e) In Texas, a lender can require repairs on the home. If the repairs are in excess of 5% of the purchase price-you have the ability to back out of the contract without penalty–Option period or not.
Okay, done the repairs/negotiating repairs/ect–You still want your house! Excellent. Let get back on track with:
Your lender is going to order an appraisal on the home you’ve chosen to make sure that the house is worth what you’ve negotiated to pay for it. Thanks, lender! They are covering you, but just as well, themselves–they don’t want to lend you $200,000 on a home that’s only worth/appraised for $160,000. Makes rational sense, right? In most cases, the listing agent did the legwork to make sure the seller was listing the home at a price that it would likely appraise for. However, it DOES happen that the appraisal comes back lower then what the house is listed for. In this case, the seller can drop their price to meet the appraisal and have the sale of the home go through–OR you can walk away-another out here–which, honestly would really stink. But here’s the reality:
Listed Price: $200,000
Appraised value: $160,000–lender will only lend 90% of THIS value in a modern day 90:10 conventional mortgage ratio. Meaning you are bringing 10% down to the table–in this case $16k. Which, to come full circle, would mean your lender MAX would lend you $144k. Do you have that extra $40,000 stashed somewhere for a rainy day? Most folks don’t.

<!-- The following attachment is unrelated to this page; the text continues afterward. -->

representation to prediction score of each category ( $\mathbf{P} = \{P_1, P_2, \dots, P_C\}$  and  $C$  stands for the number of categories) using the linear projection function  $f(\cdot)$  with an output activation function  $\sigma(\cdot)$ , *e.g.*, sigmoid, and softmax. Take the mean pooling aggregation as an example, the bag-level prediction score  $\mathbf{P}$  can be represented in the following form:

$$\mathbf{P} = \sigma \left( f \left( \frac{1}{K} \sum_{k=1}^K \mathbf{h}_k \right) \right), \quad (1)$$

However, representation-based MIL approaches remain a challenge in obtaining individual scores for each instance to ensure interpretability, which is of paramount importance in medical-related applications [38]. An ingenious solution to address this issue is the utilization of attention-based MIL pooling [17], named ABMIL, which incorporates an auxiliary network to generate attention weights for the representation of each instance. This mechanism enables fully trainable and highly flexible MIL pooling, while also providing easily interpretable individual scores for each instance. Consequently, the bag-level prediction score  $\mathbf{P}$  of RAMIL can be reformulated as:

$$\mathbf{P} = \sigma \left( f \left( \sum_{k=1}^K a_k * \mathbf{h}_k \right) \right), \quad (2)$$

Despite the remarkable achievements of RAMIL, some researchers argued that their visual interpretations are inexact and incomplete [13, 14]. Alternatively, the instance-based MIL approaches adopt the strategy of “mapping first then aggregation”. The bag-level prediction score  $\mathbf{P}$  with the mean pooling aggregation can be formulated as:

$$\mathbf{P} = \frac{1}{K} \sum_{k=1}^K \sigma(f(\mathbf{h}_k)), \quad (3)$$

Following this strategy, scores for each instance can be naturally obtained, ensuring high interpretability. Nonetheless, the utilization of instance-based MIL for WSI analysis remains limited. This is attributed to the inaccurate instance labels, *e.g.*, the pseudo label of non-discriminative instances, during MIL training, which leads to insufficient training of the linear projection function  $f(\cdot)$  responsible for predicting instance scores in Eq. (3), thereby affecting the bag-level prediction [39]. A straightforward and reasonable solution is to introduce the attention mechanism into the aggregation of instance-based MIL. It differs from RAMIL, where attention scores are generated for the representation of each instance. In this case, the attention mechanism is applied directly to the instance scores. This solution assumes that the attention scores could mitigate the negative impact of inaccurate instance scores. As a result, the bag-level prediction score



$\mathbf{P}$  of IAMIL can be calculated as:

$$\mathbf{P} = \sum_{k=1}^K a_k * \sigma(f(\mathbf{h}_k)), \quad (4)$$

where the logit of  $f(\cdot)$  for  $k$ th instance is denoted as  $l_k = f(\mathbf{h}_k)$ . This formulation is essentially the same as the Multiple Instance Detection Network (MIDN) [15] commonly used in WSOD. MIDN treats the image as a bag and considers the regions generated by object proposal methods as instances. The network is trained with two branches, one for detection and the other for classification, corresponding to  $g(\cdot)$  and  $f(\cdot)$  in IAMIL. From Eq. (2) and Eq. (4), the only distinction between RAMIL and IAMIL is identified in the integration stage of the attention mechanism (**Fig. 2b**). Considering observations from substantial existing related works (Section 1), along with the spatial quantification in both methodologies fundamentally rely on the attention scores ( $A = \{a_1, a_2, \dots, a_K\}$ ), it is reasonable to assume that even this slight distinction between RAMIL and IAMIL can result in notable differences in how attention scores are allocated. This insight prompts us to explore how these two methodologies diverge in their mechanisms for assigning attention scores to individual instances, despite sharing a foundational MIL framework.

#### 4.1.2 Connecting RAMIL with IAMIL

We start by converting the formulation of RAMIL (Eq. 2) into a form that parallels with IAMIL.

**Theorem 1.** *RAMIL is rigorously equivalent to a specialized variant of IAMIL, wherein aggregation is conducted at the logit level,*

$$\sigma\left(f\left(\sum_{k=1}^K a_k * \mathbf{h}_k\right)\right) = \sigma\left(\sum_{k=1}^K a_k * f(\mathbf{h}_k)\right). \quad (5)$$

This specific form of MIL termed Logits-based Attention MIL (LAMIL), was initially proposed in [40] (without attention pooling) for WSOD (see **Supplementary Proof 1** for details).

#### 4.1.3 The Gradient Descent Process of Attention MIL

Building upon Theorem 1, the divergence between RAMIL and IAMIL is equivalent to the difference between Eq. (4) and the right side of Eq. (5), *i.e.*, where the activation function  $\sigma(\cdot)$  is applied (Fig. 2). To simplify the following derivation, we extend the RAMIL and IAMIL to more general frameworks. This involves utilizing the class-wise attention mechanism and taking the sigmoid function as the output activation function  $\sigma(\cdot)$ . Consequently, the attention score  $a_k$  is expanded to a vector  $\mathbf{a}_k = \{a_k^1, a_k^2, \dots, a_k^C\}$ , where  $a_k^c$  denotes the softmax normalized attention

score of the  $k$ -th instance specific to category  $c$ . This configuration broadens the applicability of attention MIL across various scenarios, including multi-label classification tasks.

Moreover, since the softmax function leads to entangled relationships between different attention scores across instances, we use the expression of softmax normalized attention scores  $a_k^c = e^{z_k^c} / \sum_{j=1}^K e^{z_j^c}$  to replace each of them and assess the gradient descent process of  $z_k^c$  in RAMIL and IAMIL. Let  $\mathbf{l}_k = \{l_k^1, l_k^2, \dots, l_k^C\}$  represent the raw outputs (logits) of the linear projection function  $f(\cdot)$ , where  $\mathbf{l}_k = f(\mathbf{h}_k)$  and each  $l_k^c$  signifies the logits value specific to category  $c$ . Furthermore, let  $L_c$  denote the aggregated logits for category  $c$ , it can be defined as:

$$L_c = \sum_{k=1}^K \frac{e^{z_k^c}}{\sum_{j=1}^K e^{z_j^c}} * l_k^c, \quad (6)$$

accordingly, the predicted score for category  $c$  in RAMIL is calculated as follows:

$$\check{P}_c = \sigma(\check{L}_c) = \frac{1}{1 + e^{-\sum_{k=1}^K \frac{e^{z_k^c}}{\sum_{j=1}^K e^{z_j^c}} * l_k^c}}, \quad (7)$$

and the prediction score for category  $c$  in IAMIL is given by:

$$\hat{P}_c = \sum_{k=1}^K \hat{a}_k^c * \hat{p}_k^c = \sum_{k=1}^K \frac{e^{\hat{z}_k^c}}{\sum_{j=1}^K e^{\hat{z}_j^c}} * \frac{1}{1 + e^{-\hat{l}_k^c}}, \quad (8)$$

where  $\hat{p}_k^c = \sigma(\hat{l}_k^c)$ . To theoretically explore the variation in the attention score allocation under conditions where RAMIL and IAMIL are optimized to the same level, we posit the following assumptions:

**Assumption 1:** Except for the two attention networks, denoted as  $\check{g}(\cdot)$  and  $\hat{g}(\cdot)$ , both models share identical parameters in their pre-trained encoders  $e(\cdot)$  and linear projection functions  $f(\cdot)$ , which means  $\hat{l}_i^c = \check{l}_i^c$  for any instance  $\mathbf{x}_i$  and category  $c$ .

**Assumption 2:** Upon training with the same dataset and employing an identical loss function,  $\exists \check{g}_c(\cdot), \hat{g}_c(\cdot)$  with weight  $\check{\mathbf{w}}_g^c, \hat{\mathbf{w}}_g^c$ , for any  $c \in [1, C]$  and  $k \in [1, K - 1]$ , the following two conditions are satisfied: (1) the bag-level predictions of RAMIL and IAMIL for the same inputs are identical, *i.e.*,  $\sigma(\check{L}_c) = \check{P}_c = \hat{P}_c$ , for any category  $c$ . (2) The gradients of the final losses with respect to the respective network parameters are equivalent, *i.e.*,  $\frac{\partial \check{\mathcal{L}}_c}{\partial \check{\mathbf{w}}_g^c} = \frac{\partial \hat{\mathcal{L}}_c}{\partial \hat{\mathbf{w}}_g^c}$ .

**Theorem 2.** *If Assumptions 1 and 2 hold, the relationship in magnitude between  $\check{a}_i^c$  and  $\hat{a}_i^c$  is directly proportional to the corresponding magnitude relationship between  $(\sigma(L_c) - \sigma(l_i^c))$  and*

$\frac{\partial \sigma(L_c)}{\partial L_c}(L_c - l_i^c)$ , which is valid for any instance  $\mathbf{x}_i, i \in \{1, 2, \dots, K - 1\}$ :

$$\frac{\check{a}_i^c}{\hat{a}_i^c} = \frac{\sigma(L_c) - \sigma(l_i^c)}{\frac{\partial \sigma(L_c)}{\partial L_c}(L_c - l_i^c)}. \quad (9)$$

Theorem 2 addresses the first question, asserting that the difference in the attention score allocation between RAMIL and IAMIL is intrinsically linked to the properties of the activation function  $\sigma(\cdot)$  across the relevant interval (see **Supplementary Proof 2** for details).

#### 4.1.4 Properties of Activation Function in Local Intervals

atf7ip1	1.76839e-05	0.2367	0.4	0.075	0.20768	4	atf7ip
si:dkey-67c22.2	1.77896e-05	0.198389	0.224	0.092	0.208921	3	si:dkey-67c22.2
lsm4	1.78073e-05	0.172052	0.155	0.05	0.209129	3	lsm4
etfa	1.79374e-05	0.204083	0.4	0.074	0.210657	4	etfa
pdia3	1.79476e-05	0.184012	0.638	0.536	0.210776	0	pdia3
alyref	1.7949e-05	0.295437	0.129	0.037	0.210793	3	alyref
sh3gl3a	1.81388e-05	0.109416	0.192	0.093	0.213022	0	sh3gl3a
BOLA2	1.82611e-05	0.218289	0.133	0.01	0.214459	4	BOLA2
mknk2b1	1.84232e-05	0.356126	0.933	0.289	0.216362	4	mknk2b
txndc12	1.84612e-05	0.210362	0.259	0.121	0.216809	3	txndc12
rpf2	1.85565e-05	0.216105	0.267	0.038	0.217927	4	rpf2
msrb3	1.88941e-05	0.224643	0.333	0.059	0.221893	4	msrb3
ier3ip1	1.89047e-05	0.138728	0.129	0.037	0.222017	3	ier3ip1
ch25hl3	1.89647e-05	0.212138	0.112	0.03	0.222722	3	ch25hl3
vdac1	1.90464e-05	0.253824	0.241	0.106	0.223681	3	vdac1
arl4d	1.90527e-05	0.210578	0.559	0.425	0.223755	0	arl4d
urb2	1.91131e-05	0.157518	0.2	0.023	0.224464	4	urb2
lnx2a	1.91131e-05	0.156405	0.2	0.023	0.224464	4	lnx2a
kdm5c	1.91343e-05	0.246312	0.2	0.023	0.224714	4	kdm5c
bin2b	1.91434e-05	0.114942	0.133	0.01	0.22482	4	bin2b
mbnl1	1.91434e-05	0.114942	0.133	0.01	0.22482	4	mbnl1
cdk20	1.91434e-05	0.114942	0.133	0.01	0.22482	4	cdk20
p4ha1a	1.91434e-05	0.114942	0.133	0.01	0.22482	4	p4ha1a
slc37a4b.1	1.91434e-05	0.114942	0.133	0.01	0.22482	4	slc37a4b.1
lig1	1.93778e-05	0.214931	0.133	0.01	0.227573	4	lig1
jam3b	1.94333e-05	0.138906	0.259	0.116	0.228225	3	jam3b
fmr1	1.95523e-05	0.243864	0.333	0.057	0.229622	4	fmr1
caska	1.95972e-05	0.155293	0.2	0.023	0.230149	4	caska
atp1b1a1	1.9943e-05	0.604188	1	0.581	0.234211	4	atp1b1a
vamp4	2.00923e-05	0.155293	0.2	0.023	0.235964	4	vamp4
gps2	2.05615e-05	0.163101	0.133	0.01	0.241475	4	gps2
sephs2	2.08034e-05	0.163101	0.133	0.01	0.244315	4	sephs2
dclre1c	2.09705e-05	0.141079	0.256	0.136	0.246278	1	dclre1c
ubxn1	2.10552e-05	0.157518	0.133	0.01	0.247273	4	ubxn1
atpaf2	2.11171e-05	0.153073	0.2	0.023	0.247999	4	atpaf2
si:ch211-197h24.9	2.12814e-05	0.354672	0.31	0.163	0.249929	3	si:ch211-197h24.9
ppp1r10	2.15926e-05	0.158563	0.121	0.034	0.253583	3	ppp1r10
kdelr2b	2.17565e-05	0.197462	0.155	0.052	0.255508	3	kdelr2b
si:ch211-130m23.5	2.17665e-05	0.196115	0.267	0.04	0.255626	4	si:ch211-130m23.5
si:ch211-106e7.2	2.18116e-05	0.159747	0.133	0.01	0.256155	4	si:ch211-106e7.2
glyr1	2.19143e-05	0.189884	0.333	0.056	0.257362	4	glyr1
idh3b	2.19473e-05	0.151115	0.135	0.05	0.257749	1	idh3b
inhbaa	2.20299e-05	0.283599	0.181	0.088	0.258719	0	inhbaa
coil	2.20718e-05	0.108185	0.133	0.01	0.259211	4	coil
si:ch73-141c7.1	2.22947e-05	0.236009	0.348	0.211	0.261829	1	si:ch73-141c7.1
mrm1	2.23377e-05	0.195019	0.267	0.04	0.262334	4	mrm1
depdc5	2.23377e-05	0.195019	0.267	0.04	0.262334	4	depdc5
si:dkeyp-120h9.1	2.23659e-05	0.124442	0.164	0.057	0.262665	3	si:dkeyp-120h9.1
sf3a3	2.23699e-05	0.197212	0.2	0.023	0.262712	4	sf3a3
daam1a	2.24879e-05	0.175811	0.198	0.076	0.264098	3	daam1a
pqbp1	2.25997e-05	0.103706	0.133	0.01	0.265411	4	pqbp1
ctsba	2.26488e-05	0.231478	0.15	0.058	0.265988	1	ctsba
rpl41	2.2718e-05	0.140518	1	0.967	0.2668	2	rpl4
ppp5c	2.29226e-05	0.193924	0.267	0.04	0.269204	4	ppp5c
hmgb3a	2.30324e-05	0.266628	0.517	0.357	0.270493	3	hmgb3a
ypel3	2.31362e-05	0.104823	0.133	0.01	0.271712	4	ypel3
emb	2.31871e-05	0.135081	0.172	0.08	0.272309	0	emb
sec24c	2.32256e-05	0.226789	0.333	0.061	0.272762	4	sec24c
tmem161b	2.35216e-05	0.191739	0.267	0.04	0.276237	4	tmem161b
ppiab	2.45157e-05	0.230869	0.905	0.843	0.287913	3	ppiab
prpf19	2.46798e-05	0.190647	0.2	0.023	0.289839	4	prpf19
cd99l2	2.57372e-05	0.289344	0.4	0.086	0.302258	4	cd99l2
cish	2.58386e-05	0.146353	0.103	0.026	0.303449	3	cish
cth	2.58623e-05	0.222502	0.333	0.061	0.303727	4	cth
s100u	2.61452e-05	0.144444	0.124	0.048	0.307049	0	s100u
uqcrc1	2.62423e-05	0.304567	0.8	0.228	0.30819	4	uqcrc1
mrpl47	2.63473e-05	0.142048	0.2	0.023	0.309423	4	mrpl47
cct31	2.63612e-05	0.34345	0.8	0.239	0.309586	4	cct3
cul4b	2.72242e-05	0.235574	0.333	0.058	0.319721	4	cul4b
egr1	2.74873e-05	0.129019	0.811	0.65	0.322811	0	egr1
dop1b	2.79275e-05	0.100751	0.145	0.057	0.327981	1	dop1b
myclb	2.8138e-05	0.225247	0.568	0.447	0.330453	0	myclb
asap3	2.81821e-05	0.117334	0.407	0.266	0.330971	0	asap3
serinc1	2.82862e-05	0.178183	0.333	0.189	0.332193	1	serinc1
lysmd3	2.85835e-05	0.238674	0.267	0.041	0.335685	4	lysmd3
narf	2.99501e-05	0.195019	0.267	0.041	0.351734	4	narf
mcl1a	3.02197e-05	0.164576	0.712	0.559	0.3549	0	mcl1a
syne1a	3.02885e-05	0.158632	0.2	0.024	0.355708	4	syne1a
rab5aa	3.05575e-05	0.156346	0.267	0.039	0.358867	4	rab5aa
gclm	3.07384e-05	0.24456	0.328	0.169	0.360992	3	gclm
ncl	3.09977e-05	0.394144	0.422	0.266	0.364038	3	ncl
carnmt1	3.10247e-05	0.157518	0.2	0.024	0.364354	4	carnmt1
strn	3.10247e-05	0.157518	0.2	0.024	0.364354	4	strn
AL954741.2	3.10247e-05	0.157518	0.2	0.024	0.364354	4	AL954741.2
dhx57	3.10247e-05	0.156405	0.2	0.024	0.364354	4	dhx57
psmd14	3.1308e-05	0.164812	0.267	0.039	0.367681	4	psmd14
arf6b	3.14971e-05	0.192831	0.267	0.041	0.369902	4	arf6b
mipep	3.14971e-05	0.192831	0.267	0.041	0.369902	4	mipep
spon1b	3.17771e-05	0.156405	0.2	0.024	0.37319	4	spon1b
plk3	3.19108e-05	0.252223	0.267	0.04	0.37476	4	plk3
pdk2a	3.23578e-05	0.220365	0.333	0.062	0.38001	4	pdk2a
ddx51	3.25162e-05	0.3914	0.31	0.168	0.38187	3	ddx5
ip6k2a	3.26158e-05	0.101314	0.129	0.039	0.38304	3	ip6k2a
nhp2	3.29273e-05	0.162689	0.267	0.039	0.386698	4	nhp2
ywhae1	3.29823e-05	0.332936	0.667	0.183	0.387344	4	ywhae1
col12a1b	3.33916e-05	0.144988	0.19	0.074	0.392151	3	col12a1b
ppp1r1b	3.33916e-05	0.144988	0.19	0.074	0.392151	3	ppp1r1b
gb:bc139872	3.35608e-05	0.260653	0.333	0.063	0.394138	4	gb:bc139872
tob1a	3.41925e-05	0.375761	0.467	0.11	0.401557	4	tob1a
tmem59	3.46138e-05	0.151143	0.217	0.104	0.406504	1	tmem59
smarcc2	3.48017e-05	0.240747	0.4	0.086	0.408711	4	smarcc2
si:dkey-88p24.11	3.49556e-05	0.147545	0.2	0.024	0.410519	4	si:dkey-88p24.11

But, let’s say all in hunky dorey-we move to:
5) Confirm mortgage terms/rate
At this point, you should know what type of loan you’re getting (conventional/VA/FHA) and get a solid idea as to what your rate is. It’s at this point it’s just piece of mind to confirm all these details so you don’t crap your pants from a surprise at closing.
You should find and select an agent for your property insurance. I found, when I was buying our home that we already had used GEICO for our car insurance, and when renting used their affiliate for rental insurance. So, to me, it made sense to check with GEICO again for property insurance. They just happen to be affiliated with Liberty Mutual-and the agent I spoke to was excellent. I filled out an application online, she called me back to clarify a few home details, and that was about the long and short of it. Generally, your chosen property insurance company will get with the title company and lender to get the policy in place. Most folks opt to have the lender pay the property insurance bill-and what happens there is that the property insurance is tacked onto the mortgage. It adds a little to your monthly payments every month you don’t have to worry about a separate bill. Although, if you’re into paying it as a separate bill every month–you can let the property/home insurance and your lender know that’s what you prefer to do.
OKAY, NEXT–It’s the last part of the home buying experience and what we all look forward to–CLOSING!!
Til Part V-CLOSING CEREMONIES!